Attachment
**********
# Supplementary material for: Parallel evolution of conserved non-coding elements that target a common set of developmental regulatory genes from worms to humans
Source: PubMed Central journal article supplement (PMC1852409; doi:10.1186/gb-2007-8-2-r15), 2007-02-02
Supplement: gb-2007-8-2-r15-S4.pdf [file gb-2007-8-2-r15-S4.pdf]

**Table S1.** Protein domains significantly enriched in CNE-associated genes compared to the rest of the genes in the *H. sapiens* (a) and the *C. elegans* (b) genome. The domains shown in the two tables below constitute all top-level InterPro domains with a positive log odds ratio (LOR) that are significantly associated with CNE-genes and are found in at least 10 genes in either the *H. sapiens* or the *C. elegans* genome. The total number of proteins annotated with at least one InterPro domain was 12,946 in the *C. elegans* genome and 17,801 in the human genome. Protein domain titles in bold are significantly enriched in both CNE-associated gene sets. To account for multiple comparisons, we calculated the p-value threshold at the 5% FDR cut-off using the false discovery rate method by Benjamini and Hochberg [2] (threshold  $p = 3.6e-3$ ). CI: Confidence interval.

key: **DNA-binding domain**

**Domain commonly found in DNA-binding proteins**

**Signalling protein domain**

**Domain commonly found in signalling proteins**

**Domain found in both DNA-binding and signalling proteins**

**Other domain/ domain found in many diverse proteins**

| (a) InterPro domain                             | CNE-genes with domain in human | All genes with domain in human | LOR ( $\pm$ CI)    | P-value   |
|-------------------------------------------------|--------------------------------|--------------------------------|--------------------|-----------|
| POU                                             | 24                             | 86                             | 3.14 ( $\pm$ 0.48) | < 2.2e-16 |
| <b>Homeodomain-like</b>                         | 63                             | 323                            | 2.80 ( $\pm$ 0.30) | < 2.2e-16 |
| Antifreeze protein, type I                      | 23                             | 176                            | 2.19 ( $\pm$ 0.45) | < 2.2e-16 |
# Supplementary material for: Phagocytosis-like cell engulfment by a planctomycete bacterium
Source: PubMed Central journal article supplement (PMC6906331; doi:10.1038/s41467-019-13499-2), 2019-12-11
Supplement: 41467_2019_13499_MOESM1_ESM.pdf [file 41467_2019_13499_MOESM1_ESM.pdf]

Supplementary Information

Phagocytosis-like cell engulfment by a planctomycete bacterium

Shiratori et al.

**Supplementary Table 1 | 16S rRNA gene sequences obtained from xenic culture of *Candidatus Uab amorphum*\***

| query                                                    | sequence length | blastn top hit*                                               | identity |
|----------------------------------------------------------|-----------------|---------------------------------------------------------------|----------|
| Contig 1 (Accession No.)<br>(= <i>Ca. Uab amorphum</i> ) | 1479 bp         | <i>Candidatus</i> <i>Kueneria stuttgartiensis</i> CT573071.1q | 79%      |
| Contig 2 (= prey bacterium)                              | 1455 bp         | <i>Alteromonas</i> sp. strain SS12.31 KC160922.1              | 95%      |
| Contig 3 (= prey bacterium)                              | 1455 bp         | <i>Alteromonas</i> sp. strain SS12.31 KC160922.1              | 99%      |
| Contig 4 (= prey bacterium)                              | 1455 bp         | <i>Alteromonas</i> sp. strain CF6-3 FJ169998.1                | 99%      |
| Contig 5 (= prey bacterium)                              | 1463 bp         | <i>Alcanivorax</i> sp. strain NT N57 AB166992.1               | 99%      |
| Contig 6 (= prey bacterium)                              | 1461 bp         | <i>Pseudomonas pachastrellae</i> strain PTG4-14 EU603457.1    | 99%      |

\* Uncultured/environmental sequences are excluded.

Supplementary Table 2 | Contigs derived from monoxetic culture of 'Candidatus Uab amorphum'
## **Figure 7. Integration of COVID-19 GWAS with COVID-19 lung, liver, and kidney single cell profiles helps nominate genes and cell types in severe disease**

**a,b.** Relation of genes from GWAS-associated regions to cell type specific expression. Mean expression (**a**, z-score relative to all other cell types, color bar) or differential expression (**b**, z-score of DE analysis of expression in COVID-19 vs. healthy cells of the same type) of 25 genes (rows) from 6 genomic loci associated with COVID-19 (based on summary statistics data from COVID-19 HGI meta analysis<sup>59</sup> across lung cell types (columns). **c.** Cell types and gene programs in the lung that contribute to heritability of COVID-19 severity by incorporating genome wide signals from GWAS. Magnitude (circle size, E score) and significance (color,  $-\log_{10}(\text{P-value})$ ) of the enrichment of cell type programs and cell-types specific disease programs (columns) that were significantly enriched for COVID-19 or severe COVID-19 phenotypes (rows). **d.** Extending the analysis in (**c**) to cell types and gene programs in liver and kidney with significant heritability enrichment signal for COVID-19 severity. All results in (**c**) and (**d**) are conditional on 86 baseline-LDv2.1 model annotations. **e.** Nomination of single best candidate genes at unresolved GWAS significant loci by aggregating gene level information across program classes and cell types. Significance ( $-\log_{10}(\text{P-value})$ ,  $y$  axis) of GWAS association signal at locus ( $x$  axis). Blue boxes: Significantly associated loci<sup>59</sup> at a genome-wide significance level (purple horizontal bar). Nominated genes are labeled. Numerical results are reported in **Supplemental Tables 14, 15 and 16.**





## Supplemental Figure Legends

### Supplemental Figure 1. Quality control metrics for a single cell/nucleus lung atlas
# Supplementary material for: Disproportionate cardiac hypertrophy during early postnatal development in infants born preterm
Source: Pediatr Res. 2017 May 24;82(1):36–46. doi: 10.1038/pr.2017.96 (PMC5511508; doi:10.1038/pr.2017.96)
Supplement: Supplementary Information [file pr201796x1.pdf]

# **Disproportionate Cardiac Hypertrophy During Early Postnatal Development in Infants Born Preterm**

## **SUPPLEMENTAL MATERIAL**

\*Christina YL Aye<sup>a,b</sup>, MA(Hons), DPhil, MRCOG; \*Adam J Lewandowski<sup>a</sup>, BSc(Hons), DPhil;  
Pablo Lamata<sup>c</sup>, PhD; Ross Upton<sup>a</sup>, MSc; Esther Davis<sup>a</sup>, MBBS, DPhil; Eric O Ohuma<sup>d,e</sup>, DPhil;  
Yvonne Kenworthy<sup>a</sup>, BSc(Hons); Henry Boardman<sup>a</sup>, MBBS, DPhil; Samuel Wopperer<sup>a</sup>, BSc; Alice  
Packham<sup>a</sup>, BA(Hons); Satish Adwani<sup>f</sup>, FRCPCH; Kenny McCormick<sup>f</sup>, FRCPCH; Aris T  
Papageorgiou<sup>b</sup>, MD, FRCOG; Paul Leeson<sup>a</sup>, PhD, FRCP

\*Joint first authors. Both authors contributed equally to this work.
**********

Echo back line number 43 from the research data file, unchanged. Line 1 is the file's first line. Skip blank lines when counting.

Pablo Lamata<sup>c</sup>, PhD; Ross Upton<sup>a</sup>, MSc; Esther Davis<sup>a</sup>, MBBS, DPhil; Eric O Ohuma<sup>d,e</sup>, DPhil;  